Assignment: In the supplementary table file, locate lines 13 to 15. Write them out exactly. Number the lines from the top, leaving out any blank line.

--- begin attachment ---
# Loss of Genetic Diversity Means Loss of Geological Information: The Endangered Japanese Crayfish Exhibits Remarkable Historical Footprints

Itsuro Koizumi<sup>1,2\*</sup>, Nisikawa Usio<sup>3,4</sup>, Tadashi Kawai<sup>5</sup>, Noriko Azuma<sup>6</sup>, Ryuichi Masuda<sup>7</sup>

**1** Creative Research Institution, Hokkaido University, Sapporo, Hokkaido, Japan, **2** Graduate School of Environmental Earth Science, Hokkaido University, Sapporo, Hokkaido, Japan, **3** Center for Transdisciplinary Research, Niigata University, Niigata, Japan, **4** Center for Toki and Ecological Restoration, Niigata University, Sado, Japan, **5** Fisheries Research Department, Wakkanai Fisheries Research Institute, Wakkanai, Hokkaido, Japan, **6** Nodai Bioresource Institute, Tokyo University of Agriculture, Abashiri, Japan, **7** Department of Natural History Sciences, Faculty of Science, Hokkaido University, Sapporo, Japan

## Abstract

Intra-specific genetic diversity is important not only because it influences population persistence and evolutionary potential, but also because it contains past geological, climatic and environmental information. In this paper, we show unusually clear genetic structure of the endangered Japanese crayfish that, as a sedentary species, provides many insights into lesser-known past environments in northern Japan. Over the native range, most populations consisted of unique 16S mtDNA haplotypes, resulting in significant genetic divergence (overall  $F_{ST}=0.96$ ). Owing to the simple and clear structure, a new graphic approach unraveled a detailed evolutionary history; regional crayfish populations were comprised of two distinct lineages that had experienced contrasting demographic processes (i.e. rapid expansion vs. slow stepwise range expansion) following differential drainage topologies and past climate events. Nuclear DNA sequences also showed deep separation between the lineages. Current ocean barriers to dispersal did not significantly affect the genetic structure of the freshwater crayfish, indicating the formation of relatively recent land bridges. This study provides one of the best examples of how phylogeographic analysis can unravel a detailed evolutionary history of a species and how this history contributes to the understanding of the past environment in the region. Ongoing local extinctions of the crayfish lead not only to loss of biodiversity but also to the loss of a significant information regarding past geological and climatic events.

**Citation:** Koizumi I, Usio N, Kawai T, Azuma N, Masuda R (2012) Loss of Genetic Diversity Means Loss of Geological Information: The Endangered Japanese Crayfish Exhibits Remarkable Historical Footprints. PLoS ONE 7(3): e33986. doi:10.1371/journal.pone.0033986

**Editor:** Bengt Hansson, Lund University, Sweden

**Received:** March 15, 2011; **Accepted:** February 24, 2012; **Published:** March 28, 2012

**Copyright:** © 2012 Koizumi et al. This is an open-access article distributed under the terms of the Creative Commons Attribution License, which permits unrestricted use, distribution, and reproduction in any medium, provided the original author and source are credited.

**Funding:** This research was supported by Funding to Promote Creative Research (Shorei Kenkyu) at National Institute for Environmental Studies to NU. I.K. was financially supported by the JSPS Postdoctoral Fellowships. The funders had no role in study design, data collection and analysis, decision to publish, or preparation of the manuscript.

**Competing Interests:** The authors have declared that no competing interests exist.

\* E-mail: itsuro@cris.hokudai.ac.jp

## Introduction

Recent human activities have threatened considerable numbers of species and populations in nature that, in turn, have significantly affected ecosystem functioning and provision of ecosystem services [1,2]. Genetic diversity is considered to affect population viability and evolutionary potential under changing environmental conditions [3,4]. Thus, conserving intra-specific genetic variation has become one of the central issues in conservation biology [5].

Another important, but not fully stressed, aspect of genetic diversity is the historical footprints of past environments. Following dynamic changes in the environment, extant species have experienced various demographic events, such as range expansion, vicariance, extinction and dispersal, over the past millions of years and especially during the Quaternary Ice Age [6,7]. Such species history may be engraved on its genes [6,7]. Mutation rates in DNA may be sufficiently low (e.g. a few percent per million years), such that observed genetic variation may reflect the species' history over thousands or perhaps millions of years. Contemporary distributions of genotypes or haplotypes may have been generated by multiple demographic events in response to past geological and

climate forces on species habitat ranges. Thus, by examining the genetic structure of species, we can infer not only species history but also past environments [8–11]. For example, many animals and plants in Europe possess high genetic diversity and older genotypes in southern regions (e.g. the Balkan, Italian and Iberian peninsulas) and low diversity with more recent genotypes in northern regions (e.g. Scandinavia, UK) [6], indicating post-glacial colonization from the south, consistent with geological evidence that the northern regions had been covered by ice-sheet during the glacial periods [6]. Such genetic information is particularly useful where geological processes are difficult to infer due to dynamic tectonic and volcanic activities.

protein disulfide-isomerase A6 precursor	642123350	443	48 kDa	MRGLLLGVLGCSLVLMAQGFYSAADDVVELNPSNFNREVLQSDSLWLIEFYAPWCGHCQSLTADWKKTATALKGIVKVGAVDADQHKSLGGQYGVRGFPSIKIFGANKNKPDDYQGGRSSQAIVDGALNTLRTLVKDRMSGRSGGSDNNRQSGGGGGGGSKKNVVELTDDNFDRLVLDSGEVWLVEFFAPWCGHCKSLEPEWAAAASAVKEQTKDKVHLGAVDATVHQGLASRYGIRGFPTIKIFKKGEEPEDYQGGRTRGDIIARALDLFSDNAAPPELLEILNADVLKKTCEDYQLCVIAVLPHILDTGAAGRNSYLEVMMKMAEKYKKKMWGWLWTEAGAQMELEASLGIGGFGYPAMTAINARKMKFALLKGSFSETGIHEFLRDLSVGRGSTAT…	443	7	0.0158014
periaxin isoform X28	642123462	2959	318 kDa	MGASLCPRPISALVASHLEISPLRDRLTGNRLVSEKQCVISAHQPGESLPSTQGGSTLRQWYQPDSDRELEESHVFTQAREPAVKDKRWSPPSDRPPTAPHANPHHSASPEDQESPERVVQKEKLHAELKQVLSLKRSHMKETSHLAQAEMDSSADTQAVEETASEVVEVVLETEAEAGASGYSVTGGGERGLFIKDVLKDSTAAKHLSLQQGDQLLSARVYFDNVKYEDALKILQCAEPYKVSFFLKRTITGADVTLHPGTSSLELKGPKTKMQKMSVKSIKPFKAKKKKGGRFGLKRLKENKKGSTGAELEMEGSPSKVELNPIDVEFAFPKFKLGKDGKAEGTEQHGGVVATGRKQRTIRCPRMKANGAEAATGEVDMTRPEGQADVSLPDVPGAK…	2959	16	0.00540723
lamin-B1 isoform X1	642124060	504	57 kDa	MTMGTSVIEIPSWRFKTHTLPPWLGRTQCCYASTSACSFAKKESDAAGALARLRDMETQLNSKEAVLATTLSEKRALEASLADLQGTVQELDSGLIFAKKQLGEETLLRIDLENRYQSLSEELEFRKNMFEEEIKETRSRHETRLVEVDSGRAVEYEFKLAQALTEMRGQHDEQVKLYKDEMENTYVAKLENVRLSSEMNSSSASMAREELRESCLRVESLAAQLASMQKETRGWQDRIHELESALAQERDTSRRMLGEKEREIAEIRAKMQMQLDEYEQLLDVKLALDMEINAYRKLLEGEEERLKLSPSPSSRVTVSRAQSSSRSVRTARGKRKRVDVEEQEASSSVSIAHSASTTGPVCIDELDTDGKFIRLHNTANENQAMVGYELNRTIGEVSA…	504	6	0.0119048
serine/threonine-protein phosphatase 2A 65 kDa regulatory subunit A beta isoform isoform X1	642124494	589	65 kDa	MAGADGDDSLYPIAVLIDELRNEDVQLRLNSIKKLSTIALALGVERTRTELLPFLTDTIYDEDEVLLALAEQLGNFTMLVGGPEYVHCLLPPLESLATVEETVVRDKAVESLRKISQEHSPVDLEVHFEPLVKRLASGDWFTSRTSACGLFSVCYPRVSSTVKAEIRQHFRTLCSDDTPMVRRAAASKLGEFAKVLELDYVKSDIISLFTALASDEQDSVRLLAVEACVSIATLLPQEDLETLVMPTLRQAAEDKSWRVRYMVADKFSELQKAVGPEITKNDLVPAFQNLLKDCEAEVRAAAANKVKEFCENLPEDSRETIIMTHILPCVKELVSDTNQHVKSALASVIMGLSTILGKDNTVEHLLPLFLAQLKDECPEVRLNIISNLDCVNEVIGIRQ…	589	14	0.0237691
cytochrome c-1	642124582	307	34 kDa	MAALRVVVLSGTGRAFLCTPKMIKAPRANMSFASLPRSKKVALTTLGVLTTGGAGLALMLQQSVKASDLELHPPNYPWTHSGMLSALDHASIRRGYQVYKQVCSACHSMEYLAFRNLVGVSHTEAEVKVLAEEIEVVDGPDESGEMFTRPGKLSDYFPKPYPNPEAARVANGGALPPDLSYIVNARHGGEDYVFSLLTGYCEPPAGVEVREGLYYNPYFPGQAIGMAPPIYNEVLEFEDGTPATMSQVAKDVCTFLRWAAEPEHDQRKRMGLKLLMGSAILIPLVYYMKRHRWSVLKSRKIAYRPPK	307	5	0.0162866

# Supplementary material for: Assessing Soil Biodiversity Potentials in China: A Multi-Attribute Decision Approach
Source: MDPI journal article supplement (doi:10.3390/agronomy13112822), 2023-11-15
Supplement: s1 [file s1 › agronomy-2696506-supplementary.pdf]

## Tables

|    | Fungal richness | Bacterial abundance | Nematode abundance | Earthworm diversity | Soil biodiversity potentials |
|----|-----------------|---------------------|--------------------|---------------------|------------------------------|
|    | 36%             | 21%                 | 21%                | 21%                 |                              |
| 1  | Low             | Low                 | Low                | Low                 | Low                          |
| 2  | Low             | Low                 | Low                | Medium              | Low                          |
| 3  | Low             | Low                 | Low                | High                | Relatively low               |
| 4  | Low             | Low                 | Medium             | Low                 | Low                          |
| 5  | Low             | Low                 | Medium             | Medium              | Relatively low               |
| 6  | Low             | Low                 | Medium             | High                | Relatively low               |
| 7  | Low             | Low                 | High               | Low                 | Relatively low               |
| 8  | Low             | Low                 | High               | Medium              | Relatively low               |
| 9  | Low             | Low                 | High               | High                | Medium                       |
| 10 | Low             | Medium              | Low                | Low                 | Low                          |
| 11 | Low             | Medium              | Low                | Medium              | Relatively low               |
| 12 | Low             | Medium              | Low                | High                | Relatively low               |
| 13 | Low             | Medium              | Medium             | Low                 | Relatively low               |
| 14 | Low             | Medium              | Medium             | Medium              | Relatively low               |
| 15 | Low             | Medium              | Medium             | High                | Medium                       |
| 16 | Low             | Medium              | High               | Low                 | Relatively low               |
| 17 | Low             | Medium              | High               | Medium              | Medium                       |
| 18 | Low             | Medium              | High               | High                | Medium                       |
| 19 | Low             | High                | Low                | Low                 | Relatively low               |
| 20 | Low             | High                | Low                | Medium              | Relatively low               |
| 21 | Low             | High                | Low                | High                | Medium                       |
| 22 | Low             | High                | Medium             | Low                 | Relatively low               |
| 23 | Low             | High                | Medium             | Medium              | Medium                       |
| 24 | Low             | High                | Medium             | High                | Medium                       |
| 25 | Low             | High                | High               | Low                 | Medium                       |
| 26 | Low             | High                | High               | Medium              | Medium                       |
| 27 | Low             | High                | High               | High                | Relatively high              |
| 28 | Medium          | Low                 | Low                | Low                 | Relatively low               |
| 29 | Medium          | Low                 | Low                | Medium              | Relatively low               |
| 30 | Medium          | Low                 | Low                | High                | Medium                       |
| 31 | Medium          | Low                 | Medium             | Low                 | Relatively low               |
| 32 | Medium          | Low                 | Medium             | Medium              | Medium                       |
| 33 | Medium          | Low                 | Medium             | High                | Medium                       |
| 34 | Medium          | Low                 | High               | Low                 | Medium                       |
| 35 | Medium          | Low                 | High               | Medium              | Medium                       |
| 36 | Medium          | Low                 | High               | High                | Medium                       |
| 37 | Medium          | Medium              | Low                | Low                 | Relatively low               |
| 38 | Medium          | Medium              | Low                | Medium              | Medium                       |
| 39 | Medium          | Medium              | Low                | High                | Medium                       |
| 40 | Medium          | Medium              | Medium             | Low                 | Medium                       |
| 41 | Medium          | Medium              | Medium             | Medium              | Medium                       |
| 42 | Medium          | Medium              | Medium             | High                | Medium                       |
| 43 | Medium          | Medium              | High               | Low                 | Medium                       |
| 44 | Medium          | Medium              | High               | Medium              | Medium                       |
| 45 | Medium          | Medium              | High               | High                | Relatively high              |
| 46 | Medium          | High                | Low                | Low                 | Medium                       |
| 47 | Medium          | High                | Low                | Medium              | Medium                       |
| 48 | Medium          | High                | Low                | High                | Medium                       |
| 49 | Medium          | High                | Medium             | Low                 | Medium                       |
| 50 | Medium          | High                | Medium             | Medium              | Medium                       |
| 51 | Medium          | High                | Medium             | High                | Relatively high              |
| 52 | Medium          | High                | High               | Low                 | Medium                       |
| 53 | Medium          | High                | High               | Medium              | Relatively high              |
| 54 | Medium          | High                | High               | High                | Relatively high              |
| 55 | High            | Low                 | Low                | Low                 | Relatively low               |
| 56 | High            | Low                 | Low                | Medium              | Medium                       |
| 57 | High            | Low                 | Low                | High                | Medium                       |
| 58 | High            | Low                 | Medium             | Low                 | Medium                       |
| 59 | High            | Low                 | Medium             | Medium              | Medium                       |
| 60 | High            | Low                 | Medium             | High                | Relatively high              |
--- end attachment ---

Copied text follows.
## Introduction

Recent human activities have threatened considerable numbers of species and populations in nature that, in turn, have significantly affected ecosystem functioning and provision of ecosystem services [1,2]. Genetic diversity is considered to affect population viability and evolutionary potential under changing environmental conditions [3,4]. Thus, conserving intra-specific genetic variation has become one of the central issues in conservation biology [5].

Another important, but not fully stressed, aspect of genetic diversity is the historical footprints of past environments. Following dynamic changes in the environment, extant species have experienced various demographic events, such as range expansion, vicariance, extinction and dispersal, over the past millions of years and especially during the Quaternary Ice Age [6,7]. Such species history may be engraved on its genes [6,7]. Mutation rates in DNA may be sufficiently low (e.g. a few percent per million years), such that observed genetic variation may reflect the species' history over thousands or perhaps millions of years. Contemporary distributions of genotypes or haplotypes may have been generated by multiple demographic events in response to past geological and